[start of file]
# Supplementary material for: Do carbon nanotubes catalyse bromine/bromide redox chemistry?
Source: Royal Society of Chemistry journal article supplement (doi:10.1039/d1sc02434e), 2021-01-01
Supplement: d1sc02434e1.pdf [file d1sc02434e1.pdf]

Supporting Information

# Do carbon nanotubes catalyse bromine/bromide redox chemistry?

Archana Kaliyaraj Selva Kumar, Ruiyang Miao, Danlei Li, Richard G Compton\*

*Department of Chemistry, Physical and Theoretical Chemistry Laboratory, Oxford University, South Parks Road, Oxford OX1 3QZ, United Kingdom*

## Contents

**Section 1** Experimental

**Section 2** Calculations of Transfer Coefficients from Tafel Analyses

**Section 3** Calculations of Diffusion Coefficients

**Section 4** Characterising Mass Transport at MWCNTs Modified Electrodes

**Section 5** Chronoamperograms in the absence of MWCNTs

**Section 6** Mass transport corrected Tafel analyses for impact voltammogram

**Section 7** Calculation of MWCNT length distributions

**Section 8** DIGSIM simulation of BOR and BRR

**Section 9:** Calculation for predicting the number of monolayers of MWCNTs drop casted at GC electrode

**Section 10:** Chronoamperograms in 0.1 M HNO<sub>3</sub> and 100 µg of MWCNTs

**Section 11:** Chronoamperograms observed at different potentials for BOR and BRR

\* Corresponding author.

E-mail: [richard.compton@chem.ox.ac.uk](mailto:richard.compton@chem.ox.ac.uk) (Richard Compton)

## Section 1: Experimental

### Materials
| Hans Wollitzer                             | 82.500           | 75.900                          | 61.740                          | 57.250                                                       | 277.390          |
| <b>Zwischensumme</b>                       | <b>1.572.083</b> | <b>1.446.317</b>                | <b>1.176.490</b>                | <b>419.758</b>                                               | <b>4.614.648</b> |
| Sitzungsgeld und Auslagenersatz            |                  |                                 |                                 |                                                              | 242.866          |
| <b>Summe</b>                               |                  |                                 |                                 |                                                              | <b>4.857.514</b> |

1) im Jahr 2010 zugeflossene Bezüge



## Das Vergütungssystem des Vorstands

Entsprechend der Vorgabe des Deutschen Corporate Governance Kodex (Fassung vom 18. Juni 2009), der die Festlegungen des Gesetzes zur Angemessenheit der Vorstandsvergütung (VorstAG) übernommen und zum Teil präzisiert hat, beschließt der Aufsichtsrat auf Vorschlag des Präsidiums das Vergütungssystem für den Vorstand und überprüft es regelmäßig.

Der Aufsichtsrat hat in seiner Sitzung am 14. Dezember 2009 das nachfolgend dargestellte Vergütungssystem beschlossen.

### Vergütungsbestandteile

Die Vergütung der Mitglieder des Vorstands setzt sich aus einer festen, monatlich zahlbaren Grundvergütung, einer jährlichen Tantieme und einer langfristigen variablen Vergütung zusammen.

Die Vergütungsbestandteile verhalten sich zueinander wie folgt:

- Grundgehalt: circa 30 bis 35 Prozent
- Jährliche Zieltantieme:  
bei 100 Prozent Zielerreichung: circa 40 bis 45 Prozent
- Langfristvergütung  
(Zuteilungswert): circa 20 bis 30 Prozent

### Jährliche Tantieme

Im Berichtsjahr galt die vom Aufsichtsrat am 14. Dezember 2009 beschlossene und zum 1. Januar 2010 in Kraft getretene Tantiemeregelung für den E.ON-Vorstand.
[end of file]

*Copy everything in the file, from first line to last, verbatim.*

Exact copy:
# Supplementary material for: Do carbon nanotubes catalyse bromine/bromide redox chemistry?
Source: Royal Society of Chemistry journal article supplement (doi:10.1039/d1sc02434e), 2021-01-01
Supplement: d1sc02434e1.pdf [file d1sc02434e1.pdf]

Supporting Information

# Do carbon nanotubes catalyse bromine/bromide redox chemistry?

Archana Kaliyaraj Selva Kumar, Ruiyang Miao, Danlei Li, Richard G Compton\*

*Department of Chemistry, Physical and Theoretical Chemistry Laboratory, Oxford University, South Parks Road, Oxford OX1 3QZ, United Kingdom*

## Contents

**Section 1** Experimental

**Section 2** Calculations of Transfer Coefficients from Tafel Analyses

**Section 3** Calculations of Diffusion Coefficients

**Section 4** Characterising Mass Transport at MWCNTs Modified Electrodes

**Section 5** Chronoamperograms in the absence of MWCNTs

**Section 6** Mass transport corrected Tafel analyses for impact voltammogram

**Section 7** Calculation of MWCNT length distributions

**Section 8** DIGSIM simulation of BOR and BRR

**Section 9:** Calculation for predicting the number of monolayers of MWCNTs drop casted at GC electrode

**Section 10:** Chronoamperograms in 0.1 M HNO<sub>3</sub> and 100 µg of MWCNTs

**Section 11:** Chronoamperograms observed at different potentials for BOR and BRR

\* Corresponding author.

E-mail: [richard.compton@chem.ox.ac.uk](mailto:richard.compton@chem.ox.ac.uk) (Richard Compton)

## Section 1: Experimental

### Materials
| Hans Wollitzer                             | 82.500           | 75.900                          | 61.740                          | 57.250                                                       | 277.390          |
| <b>Zwischensumme</b>                       | <b>1.572.083</b> | <b>1.446.317</b>                | <b>1.176.490</b>                | <b>419.758</b>                                               | <b>4.614.648</b> |
| Sitzungsgeld und Auslagenersatz            |                  |                                 |                                 |                                                              | 242.866          |
| <b>Summe</b>                               |                  |                                 |                                 |                                                              | <b>4.857.514</b> |

1) im Jahr 2010 zugeflossene Bezüge



## Das Vergütungssystem des Vorstands

Entsprechend der Vorgabe des Deutschen Corporate Governance Kodex (Fassung vom 18. Juni 2009), der die Festlegungen des Gesetzes zur Angemessenheit der Vorstandsvergütung (VorstAG) übernommen und zum Teil präzisiert hat, beschließt der Aufsichtsrat auf Vorschlag des Präsidiums das Vergütungssystem für den Vorstand und überprüft es regelmäßig.

Der Aufsichtsrat hat in seiner Sitzung am 14. Dezember 2009 das nachfolgend dargestellte Vergütungssystem beschlossen.

### Vergütungsbestandteile

Die Vergütung der Mitglieder des Vorstands setzt sich aus einer festen, monatlich zahlbaren Grundvergütung, einer jährlichen Tantieme und einer langfristigen variablen Vergütung zusammen.

Die Vergütungsbestandteile verhalten sich zueinander wie folgt:

- Grundgehalt: circa 30 bis 35 Prozent
- Jährliche Zieltantieme:  
bei 100 Prozent Zielerreichung: circa 40 bis 45 Prozent
- Langfristvergütung  
(Zuteilungswert): circa 20 bis 30 Prozent

### Jährliche Tantieme

Im Berichtsjahr galt die vom Aufsichtsrat am 14. Dezember 2009 beschlossene und zum 1. Januar 2010 in Kraft getretene Tantiemeregelung für den E.ON-Vorstand.